Wednesday, February 2, 2011

Bored? How?

This winter has been brutal.  We've had several snow days and some late openings and an early dismissal due to the weather.  But no matter where you are, there's lots of learning to be done.  Parents and children should celebrate the time they have together because there is so much they can do! Learning doesn't just take place at school, and learning can be, or should be, FUN!!

Here's what I did today.  If you have some extra time with your children, look at it as an opportunity to do something different.  And if your power is out and you can't use the computer...well, be creative!!

1.  Art Lessons:  I spent some time laughing and making a cat.  There are more lessons, so bring on the snow!  I can't wait to share this with my school kids. This is a drawing course for kids pre-k to third grade, but it was just right for me.   Check out illustrator Will Terry as he helps us all learn how to draw.

2.  Make puzzles.  I made some cryptograms to share with my class.  I bet your kids will love these.  Or, better yet, have them make puzzles for YOU to solve.  You can trade.

3.  What?  You're not following the Iditarod?  It starts in about a month, so get moving.  I spent a lot of time revising my lessons and preparing for our annual Iditarod Banquet. The Iditarod site has tons of suggestions for how to use the Iditarod to teach children, and there are even blogging dogs.   Lots to do, lots to do!

4.  Do you want to learn how to make comics with kids?  The National Association of Comics Art Educators can help.

5.  And if you think you have it bad stuck in the house for a day or two, visit this Alert Map site.  It shows every type of disaster imaginable happening in the world now.  Then count your blessings.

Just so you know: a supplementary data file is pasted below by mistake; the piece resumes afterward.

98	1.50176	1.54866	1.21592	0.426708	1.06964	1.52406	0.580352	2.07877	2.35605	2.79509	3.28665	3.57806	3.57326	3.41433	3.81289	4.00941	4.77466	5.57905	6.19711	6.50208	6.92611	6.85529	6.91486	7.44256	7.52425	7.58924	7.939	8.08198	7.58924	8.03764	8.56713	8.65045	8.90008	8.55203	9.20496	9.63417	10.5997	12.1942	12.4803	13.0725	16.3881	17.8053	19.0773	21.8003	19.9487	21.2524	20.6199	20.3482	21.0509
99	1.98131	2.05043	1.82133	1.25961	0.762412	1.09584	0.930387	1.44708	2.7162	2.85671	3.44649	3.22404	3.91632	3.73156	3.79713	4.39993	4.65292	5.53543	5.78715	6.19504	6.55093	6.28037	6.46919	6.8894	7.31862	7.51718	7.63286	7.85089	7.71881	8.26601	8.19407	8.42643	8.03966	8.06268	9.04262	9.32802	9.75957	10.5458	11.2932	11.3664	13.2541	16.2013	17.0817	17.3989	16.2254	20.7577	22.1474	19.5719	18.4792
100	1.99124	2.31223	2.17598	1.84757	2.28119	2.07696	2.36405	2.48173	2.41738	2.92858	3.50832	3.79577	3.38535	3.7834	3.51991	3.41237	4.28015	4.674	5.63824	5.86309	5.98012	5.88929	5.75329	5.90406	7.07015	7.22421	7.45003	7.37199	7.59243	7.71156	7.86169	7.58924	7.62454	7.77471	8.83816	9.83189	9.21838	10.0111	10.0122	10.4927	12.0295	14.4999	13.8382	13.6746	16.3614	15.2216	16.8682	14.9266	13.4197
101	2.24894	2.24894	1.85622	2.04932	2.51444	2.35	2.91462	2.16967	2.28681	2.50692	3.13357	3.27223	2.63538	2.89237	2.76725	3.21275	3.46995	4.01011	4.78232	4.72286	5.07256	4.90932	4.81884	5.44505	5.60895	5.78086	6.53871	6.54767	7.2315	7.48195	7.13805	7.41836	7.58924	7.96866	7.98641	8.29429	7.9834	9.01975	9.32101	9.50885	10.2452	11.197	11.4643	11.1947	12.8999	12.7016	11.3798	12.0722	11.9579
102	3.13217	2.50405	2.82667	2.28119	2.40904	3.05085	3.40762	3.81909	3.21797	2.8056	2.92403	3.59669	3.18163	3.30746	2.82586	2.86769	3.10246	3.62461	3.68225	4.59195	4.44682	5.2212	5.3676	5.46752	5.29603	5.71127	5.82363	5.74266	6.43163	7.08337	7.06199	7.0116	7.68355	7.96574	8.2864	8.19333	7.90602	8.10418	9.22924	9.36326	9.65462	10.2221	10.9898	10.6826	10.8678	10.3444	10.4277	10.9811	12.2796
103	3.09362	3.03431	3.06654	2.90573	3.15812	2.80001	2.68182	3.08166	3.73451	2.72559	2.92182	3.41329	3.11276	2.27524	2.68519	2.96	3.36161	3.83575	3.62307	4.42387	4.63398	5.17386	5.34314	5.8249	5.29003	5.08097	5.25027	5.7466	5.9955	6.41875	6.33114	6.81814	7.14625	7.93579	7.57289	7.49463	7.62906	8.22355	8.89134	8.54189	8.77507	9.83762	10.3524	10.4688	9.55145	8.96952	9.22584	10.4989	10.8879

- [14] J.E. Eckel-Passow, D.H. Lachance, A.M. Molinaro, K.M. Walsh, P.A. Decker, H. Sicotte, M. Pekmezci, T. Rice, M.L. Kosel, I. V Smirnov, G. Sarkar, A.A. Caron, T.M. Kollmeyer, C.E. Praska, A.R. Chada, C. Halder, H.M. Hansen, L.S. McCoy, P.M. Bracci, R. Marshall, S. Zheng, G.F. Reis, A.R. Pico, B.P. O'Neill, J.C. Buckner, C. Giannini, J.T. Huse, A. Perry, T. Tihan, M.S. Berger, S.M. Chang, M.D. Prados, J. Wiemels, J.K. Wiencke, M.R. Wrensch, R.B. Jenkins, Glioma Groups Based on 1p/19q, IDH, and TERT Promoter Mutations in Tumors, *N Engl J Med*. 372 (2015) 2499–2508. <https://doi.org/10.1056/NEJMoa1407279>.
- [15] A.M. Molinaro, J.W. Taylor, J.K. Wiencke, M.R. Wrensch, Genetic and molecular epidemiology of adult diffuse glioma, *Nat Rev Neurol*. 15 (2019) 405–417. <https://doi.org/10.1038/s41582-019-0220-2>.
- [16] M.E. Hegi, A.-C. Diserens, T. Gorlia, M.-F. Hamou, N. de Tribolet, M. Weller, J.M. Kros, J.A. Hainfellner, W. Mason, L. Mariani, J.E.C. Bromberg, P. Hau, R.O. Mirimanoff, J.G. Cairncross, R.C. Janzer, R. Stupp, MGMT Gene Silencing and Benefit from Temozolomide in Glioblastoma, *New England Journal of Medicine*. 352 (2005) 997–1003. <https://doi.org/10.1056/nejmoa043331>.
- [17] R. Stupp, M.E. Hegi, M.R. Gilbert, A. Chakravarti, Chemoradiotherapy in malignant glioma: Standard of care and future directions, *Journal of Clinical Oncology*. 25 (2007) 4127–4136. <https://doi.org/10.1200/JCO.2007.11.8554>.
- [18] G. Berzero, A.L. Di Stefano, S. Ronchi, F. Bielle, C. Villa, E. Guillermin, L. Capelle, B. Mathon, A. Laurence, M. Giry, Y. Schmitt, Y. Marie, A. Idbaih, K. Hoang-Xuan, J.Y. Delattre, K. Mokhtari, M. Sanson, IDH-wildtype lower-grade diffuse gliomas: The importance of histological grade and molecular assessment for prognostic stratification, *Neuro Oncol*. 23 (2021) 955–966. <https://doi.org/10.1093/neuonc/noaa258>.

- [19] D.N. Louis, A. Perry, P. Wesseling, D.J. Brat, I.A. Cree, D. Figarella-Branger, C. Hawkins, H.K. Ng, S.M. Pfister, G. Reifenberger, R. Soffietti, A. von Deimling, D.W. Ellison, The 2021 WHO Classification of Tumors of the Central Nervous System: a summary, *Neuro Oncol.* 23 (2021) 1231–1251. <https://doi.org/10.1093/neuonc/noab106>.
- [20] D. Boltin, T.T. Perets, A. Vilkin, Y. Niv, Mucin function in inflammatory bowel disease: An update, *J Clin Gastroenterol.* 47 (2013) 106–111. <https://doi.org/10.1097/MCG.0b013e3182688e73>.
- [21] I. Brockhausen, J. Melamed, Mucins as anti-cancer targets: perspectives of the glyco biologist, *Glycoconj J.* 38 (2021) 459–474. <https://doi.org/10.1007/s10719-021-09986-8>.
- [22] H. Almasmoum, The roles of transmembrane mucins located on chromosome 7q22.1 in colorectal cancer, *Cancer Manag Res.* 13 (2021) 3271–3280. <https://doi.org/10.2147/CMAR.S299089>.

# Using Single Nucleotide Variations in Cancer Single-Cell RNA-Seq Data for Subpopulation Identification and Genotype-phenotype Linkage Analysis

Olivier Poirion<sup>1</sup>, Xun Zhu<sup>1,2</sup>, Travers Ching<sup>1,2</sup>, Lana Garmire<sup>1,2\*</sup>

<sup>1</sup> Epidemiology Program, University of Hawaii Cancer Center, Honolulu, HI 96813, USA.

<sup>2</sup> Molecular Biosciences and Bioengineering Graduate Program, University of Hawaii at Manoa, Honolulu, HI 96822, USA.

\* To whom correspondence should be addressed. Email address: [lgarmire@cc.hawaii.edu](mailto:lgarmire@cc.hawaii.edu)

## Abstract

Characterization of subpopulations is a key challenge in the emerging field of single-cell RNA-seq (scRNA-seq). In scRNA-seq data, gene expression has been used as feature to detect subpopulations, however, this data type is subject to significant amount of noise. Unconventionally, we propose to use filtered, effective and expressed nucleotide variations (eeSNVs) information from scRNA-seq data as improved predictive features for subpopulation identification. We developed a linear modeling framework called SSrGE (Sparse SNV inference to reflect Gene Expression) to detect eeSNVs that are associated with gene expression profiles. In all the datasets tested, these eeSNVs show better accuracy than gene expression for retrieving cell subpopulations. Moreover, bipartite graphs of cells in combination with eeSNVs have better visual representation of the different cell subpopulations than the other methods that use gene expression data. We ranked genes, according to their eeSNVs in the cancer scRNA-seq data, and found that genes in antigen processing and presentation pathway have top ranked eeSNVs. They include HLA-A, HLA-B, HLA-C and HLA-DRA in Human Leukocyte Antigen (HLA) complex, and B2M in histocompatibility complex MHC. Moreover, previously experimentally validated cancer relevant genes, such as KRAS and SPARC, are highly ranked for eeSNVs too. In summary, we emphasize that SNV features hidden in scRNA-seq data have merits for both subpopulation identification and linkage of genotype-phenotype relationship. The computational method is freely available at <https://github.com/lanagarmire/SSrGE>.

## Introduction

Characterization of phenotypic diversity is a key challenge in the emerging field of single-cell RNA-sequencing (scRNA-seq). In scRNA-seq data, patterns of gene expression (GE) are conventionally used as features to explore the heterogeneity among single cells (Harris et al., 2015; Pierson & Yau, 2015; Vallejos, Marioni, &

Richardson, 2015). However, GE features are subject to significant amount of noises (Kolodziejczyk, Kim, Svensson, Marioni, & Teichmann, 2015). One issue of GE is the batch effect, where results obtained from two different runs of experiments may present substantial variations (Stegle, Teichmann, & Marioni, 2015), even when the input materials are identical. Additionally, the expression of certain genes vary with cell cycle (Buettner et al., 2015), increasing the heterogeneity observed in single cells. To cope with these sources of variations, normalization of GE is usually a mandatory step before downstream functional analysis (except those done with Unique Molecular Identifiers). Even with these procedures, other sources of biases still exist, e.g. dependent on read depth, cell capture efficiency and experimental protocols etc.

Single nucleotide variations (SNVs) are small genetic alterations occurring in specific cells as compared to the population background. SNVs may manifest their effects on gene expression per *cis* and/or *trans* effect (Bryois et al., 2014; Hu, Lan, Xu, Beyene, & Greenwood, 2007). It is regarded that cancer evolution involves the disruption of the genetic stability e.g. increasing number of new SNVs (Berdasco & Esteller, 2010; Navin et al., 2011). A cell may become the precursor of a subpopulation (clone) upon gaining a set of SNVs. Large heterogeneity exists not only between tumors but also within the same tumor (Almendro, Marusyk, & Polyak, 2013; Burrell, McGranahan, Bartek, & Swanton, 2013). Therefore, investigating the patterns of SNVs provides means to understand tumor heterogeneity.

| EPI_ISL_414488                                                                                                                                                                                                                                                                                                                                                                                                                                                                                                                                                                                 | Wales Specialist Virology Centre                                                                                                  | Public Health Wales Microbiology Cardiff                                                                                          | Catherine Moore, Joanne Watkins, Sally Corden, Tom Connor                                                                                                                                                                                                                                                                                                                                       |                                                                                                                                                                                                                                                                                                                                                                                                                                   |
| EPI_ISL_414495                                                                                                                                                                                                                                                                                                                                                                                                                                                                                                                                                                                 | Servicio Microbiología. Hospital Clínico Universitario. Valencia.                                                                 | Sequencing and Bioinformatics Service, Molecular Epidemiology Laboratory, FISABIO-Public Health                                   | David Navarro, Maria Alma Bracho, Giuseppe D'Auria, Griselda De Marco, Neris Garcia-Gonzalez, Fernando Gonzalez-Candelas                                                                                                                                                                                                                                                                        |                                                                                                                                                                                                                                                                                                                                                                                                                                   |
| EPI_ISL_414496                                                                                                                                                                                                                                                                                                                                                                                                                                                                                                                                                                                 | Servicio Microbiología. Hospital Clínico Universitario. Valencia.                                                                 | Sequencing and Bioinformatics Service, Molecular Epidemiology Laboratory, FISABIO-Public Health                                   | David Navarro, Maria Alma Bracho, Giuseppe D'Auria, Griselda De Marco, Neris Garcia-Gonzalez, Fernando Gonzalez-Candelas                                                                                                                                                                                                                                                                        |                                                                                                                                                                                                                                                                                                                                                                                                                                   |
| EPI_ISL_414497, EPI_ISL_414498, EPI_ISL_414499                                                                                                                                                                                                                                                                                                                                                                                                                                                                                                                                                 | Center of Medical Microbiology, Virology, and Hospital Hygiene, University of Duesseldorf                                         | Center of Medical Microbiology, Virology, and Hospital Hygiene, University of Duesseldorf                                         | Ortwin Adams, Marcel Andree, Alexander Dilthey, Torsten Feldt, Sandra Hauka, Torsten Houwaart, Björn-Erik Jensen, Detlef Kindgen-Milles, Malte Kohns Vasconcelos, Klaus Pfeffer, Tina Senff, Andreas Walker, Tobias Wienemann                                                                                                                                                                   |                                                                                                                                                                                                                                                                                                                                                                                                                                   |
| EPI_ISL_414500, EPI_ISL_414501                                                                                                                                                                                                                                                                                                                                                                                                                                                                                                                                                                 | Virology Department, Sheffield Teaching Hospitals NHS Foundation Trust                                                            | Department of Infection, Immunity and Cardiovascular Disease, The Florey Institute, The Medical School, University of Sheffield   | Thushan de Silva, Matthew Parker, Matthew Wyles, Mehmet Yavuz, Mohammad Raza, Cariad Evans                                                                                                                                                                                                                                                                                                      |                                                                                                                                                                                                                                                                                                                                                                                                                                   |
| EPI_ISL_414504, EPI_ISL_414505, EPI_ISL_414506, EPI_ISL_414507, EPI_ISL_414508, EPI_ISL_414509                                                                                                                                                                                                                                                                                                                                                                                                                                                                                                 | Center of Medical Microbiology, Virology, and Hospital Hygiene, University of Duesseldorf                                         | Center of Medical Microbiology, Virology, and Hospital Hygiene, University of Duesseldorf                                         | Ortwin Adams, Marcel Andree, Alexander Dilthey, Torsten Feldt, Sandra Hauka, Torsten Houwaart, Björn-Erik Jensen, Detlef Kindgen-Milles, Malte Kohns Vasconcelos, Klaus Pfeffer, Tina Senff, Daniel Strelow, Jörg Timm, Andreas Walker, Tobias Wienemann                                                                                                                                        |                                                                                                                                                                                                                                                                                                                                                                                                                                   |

1 comment:

  1. For the dogs, the Iditarod is a bottomless pit of suffering. What happens to the dogs during the race includes death, paralysis, frostbite (where it hurts the most!), bleeding ulcers, bloody diarrhea, lung damage, pneumonia, ruptured discs, viral diseases, broken bones, torn muscles and tendons and sprains. At least 142 dogs have died in the Iditarod, including two dogs on Dr. Lou Packer's team who froze to death in the brutally cold winds.

    During training runs, Iditarod dogs have been killed by moose, snowmachines, and various motor vehicles, including a semi tractor and an ATV. They have died from drowning, heart attacks and being strangled in harnesses. Dogs have also been injured while training. They have been gashed, quilled by porcupines, bitten in dog fights, and had broken bones, and torn muscles and tendons. Most dog deaths and injuries during training aren't even reported.

    Iditarod dog kennels are puppy mills. Mushers breed large numbers of dogs and routinely kill unwanted ones, including puppies. Many dogs who are permanently disabled in the Iditarod, or who are unwanted for any reason, including those who have outlived their usefulness, are killed with a shot to the head, dragged, drowned or clubbed to death. "Dogs are clubbed with baseball bats and if they don't pull are dragged to death in harnesses......" wrote former Iditarod dog handler Mike Cranford in an article for Alaska's Bush Blade Newspaper.

    Dog beatings and whippings are common. During the 2007 Iditarod, eyewitnesses reported that musher Ramy Brooks kicked, punched and beat his dogs with a ski pole and a chain. Jim Welch says in his book Speed Mushing Manual, "Nagging a dog team is cruel and ineffective...A training device such as a whip is not cruel at all but is effective." "It is a common training device in use among dog mushers..."

    Jon Saraceno wrote in his March 3, 2000 column in USA Today, "He [Colonel Tom Classen] confirmed dog beatings and far worse. Like starving dogs to maintain their most advantageous racing weight. Skinning them to make mittens.. Or dragging them to their death."

    During the race, veterinarians do not give the dogs physical exams at every checkpoint. Mushers speed through many checkpoints, so the dogs get the briefest visual checks, if that. Instead of pulling sick dogs from the race, veterinarians frequently give them massive doses of antibiotics to keep them running. The Iditarod's chief veterinarian, Stu Nelson, is an employee of the Iditarod Trail Committee. They are the ones who sign his paycheck. So, do you expect that he's going to say anything negative about the Iditarod?

    The Iditarod, with all the evils associated with it, has become a synonym for exploitation. The race imposes torture no dog should be forced to endure.

    Margery Glickman
    Sled Dog Action Coalition,